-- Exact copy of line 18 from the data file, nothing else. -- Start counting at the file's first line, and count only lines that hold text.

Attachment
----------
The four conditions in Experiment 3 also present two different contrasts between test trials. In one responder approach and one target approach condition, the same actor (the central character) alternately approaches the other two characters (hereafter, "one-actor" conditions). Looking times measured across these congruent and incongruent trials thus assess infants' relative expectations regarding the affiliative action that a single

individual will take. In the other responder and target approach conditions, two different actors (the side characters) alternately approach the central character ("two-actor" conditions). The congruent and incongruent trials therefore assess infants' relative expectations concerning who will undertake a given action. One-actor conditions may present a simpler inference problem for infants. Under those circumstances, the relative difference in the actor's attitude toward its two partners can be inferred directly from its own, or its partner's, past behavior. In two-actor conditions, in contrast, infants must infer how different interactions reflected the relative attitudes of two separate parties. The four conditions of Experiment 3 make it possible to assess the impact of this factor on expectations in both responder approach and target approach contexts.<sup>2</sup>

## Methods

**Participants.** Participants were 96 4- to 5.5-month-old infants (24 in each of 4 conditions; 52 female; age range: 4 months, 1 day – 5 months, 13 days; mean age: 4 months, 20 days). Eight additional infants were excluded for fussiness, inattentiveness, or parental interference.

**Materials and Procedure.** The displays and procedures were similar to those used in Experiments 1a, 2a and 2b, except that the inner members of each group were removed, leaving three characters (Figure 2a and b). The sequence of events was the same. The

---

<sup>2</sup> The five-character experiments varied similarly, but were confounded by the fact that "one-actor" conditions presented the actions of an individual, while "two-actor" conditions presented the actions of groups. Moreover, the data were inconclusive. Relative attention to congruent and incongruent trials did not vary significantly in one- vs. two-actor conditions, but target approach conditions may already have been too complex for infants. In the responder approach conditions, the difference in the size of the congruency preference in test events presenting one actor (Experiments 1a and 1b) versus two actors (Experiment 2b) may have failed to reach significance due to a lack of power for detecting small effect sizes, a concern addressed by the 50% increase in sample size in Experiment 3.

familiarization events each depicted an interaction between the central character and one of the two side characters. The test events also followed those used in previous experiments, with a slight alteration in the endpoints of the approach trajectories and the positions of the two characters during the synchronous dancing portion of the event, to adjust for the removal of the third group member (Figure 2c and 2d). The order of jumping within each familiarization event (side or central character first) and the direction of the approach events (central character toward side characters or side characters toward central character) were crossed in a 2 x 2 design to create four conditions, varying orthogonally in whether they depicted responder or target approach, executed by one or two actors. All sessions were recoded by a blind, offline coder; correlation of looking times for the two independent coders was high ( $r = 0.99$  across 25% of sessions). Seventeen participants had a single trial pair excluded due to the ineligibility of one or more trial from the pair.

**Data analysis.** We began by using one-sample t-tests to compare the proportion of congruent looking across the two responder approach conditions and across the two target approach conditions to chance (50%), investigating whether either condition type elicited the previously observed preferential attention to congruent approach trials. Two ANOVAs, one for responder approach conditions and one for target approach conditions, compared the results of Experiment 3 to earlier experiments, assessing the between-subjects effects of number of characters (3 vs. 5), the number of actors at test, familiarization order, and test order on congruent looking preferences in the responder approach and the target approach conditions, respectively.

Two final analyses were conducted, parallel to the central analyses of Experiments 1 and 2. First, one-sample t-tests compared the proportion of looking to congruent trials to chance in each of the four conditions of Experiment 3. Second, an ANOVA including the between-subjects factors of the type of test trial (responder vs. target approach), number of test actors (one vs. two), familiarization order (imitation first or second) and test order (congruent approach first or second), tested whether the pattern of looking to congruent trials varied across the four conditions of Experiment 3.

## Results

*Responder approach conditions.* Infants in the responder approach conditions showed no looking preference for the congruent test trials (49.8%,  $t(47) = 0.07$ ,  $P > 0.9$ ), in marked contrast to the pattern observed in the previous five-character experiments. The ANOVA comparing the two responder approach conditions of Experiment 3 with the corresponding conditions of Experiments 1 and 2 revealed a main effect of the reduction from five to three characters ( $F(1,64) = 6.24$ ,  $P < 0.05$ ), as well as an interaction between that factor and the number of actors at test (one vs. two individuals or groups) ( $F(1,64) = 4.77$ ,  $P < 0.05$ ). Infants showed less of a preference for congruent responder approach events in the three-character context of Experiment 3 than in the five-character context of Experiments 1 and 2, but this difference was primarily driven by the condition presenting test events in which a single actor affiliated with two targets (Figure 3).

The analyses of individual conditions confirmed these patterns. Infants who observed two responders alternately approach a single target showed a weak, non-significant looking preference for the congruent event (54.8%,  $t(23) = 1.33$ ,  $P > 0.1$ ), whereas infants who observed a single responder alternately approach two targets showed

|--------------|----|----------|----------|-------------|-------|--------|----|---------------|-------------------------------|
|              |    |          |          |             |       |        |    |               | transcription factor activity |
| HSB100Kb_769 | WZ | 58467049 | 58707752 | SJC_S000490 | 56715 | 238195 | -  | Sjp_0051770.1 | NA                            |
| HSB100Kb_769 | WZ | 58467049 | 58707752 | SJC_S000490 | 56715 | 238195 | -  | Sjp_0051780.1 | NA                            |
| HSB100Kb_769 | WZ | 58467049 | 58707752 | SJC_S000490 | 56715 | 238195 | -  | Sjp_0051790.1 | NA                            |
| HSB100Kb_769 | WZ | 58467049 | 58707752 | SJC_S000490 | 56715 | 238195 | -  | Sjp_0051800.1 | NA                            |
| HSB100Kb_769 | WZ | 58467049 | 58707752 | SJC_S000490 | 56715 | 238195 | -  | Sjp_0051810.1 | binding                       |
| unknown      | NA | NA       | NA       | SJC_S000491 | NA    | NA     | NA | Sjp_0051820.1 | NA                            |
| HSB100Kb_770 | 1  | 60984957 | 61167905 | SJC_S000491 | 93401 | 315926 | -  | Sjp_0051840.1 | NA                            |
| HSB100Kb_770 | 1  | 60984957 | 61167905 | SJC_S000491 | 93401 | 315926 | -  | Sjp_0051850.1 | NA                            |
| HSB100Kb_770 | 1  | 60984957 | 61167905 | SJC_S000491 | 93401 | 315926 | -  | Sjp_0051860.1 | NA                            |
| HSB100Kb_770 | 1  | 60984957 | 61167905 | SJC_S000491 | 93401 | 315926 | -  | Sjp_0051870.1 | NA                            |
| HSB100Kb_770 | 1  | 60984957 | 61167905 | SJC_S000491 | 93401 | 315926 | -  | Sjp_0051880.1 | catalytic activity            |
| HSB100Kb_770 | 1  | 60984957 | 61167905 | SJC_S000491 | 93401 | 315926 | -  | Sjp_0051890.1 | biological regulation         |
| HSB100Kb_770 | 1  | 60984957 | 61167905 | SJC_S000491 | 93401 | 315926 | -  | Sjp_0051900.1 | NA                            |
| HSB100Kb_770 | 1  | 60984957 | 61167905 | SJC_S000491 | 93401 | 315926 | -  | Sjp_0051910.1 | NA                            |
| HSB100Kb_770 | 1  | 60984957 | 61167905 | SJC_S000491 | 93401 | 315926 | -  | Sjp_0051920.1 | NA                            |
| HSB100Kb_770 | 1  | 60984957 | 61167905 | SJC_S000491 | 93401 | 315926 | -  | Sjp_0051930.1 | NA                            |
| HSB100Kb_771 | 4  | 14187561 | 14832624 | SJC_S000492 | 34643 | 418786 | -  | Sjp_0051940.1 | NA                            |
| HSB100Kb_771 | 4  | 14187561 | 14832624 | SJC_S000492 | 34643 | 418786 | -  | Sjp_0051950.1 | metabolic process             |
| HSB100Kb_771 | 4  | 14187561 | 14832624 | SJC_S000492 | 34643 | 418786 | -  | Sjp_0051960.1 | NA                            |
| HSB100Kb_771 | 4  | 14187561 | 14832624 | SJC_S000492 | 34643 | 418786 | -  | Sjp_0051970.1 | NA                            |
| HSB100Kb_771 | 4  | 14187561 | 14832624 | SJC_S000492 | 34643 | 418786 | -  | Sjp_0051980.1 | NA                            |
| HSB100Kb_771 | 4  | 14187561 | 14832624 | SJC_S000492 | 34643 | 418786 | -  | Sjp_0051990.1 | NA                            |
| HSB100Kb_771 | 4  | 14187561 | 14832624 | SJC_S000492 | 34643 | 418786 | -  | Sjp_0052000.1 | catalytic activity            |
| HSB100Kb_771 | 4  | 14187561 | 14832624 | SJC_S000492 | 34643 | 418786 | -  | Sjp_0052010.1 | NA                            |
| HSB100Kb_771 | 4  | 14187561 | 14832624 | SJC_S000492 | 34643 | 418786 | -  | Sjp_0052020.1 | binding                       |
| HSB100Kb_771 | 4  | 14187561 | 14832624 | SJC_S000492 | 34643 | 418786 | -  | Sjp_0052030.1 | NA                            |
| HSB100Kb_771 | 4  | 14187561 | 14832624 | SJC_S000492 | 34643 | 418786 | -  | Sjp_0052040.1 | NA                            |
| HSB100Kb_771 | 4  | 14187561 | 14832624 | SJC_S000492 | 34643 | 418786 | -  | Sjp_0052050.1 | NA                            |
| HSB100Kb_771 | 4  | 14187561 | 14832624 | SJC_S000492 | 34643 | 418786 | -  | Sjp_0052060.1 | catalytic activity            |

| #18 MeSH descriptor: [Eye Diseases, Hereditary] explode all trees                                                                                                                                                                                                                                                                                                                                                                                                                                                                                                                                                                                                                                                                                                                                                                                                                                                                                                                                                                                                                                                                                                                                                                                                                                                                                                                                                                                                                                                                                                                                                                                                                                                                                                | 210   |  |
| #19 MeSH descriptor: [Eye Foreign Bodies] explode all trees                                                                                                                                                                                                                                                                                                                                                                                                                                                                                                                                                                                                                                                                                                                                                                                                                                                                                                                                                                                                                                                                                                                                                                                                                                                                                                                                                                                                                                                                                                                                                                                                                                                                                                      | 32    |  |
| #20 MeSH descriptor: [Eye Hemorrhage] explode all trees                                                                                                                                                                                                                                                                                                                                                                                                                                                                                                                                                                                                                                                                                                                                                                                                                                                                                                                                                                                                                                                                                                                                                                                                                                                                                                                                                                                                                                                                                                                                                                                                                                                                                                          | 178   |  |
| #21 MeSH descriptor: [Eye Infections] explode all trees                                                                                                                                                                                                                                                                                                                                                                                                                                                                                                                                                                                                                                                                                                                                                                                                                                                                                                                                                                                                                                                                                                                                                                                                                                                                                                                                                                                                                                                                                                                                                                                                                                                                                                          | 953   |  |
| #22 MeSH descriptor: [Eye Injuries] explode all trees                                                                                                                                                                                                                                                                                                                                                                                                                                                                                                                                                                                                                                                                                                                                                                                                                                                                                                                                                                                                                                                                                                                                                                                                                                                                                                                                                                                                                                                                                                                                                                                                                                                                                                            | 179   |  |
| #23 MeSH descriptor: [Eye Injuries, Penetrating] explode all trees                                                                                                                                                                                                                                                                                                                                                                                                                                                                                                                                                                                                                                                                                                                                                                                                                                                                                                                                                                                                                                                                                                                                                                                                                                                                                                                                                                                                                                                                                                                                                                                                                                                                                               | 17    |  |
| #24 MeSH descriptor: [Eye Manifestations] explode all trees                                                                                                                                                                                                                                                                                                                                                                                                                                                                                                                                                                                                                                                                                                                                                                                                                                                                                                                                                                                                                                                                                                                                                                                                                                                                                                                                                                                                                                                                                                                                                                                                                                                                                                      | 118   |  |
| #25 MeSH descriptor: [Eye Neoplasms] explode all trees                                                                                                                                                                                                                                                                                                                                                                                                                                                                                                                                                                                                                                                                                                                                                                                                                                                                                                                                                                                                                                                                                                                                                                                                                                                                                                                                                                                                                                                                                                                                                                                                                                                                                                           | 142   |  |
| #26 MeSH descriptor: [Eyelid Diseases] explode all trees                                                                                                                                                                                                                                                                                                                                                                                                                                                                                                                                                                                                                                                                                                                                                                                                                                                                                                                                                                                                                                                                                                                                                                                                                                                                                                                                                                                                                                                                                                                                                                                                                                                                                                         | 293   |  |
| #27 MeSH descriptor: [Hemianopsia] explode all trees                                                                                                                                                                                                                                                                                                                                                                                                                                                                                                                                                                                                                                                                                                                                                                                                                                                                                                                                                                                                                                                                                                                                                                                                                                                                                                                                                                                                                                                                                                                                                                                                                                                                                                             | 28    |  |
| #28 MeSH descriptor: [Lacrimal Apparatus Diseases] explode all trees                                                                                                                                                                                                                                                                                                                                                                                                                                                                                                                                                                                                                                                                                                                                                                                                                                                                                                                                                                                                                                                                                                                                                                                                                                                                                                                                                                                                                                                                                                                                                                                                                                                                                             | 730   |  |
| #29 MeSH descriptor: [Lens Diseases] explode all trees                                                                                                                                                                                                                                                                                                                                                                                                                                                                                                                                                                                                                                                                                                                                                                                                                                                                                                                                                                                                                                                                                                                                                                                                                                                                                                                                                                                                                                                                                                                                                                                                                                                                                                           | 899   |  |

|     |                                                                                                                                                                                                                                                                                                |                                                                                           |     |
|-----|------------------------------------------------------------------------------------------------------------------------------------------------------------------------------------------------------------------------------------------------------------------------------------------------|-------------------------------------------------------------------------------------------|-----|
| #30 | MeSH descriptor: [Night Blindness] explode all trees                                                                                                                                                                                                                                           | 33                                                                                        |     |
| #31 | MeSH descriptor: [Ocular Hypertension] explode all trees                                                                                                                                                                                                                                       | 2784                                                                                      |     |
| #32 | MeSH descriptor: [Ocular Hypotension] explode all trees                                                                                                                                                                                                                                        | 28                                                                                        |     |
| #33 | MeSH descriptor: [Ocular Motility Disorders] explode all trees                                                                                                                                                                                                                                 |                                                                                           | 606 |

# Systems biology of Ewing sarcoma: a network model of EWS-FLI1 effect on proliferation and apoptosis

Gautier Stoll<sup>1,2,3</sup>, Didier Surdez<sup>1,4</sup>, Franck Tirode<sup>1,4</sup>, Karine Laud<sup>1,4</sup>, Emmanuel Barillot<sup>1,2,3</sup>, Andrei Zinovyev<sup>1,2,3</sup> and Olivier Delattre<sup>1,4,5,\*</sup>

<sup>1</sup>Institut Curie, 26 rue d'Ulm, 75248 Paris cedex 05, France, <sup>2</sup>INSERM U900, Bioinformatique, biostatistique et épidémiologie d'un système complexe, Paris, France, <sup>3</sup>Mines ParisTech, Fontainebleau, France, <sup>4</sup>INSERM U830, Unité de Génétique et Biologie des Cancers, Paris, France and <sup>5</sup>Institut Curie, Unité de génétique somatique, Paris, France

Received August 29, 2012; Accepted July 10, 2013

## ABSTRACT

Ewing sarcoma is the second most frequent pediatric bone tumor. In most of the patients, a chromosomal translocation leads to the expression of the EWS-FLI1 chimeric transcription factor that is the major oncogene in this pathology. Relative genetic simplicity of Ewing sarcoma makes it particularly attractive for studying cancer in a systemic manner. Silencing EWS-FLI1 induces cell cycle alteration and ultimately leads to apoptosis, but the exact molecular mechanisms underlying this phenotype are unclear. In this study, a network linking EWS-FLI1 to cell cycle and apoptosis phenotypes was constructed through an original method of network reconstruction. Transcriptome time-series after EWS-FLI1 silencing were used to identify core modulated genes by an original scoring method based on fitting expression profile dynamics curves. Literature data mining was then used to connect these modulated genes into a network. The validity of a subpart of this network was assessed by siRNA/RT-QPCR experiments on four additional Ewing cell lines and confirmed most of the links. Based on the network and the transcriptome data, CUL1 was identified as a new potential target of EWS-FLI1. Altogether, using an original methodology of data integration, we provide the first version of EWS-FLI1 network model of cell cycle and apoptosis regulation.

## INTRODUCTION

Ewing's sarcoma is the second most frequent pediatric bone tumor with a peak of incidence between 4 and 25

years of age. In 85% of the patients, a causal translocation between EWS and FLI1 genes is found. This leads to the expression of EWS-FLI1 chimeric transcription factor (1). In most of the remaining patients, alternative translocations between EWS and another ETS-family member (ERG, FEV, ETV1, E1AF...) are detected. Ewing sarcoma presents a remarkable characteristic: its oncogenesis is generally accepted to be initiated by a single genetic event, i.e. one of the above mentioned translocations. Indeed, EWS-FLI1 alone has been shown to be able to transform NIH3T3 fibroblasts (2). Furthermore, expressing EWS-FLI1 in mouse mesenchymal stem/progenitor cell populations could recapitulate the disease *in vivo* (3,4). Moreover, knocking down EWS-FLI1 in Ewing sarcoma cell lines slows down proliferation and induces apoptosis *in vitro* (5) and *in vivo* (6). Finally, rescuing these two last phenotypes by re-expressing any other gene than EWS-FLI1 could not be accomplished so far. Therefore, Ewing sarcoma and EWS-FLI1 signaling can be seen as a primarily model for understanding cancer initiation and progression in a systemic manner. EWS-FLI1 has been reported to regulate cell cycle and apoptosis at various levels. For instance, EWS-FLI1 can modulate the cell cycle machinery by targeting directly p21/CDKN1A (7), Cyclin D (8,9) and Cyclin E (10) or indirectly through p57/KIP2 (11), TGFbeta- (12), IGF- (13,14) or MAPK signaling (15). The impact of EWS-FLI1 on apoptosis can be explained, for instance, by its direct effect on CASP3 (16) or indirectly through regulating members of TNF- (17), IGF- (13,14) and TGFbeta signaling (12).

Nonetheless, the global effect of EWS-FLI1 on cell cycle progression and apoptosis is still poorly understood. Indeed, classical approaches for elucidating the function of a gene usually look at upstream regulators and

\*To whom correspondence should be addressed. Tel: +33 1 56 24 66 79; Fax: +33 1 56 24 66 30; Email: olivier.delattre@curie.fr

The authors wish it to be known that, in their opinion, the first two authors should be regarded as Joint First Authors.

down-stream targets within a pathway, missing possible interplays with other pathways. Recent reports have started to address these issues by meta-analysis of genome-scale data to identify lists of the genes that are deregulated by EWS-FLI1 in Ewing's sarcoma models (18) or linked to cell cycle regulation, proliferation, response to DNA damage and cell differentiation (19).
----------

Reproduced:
| HSB100Kb_769 | WZ | 58467049 | 58707752 | SJC_S000490 | 56715 | 238195 | -  | Sjp_0051790.1 | NA                            |